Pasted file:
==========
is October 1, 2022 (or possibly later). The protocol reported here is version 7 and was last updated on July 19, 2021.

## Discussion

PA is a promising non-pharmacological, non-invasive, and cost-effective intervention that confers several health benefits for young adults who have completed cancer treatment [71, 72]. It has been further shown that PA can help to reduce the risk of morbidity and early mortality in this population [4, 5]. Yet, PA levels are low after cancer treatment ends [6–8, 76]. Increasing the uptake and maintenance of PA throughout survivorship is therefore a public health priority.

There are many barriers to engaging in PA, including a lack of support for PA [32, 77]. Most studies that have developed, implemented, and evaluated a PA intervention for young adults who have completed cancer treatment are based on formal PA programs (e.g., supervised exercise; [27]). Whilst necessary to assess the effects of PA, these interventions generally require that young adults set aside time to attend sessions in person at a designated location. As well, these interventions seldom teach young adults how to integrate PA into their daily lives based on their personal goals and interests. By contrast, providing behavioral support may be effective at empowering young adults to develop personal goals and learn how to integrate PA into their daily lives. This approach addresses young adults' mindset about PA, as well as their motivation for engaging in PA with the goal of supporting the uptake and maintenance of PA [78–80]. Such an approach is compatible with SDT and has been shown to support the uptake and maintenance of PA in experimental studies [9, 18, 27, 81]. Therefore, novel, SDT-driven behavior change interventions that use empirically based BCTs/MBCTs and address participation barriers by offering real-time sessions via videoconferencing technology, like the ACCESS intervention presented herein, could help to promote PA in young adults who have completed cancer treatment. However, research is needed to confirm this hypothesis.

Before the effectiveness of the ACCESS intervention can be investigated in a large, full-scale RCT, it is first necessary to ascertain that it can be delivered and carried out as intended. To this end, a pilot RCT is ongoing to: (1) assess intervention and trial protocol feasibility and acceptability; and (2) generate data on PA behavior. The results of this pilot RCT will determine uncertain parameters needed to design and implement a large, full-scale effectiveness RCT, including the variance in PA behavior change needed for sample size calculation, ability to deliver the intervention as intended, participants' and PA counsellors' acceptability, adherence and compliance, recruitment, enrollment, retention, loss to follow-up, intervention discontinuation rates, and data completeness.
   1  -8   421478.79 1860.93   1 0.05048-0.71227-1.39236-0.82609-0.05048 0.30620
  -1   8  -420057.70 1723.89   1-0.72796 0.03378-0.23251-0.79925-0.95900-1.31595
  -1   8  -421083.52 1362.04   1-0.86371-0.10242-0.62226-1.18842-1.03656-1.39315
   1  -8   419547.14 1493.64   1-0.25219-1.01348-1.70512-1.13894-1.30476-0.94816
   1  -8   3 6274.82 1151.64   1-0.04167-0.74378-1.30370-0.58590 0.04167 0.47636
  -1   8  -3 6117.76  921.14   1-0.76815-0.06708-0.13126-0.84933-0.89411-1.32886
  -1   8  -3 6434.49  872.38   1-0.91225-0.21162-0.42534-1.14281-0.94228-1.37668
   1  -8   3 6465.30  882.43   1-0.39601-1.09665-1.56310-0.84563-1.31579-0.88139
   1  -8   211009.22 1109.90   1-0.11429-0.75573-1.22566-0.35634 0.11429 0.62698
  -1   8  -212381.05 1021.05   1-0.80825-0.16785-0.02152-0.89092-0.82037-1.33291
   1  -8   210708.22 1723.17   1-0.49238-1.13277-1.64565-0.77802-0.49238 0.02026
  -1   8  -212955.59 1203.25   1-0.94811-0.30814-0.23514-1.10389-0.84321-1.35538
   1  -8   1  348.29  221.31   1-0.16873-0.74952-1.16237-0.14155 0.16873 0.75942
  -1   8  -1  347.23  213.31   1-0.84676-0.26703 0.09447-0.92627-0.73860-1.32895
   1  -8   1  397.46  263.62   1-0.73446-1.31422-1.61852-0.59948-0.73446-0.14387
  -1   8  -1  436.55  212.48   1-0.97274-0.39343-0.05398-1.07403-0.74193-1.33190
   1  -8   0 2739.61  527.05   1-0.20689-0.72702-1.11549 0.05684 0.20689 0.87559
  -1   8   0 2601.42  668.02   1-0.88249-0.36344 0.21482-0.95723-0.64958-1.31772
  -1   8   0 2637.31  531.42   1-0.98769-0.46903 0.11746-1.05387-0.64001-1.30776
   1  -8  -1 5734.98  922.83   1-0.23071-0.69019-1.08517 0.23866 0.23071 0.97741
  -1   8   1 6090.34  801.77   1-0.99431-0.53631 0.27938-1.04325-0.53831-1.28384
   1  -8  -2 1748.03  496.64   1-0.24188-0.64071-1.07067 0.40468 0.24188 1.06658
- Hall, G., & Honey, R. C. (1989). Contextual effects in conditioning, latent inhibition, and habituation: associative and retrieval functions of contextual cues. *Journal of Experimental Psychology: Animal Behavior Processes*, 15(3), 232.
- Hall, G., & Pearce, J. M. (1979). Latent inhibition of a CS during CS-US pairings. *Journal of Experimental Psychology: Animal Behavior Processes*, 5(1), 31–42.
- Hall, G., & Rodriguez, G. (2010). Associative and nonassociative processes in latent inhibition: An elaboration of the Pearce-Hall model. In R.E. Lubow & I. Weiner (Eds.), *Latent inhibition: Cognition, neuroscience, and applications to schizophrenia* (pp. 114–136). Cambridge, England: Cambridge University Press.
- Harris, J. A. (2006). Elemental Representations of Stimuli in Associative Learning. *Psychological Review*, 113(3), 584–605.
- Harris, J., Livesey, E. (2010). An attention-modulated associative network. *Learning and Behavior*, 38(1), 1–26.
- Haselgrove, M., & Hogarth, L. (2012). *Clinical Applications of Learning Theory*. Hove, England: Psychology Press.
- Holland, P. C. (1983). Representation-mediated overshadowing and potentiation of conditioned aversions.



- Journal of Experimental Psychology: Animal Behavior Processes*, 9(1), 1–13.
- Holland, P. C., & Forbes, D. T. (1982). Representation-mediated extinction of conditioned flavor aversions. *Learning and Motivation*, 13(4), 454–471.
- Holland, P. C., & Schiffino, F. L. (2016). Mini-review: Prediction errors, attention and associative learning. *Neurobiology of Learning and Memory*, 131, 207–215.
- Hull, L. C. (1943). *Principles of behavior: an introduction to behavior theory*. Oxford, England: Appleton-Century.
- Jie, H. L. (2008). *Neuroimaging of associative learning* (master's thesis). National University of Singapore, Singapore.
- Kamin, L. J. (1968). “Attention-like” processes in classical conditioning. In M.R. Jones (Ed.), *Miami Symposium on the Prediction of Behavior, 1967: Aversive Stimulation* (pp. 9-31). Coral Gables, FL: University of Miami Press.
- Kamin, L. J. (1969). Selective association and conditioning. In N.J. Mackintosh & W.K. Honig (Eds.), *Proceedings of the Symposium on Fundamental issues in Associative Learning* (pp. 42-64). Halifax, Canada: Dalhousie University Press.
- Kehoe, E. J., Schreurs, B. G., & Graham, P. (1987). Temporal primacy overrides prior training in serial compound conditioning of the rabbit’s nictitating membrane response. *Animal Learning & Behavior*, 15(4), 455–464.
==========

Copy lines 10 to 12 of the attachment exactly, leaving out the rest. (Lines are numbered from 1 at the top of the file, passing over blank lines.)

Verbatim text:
   1  -8   3 6274.82 1151.64   1-0.04167-0.74378-1.30370-0.58590 0.04167 0.47636
  -1   8  -3 6117.76  921.14   1-0.76815-0.06708-0.13126-0.84933-0.89411-1.32886
  -1   8  -3 6434.49  872.38   1-0.91225-0.21162-0.42534-1.14281-0.94228-1.37668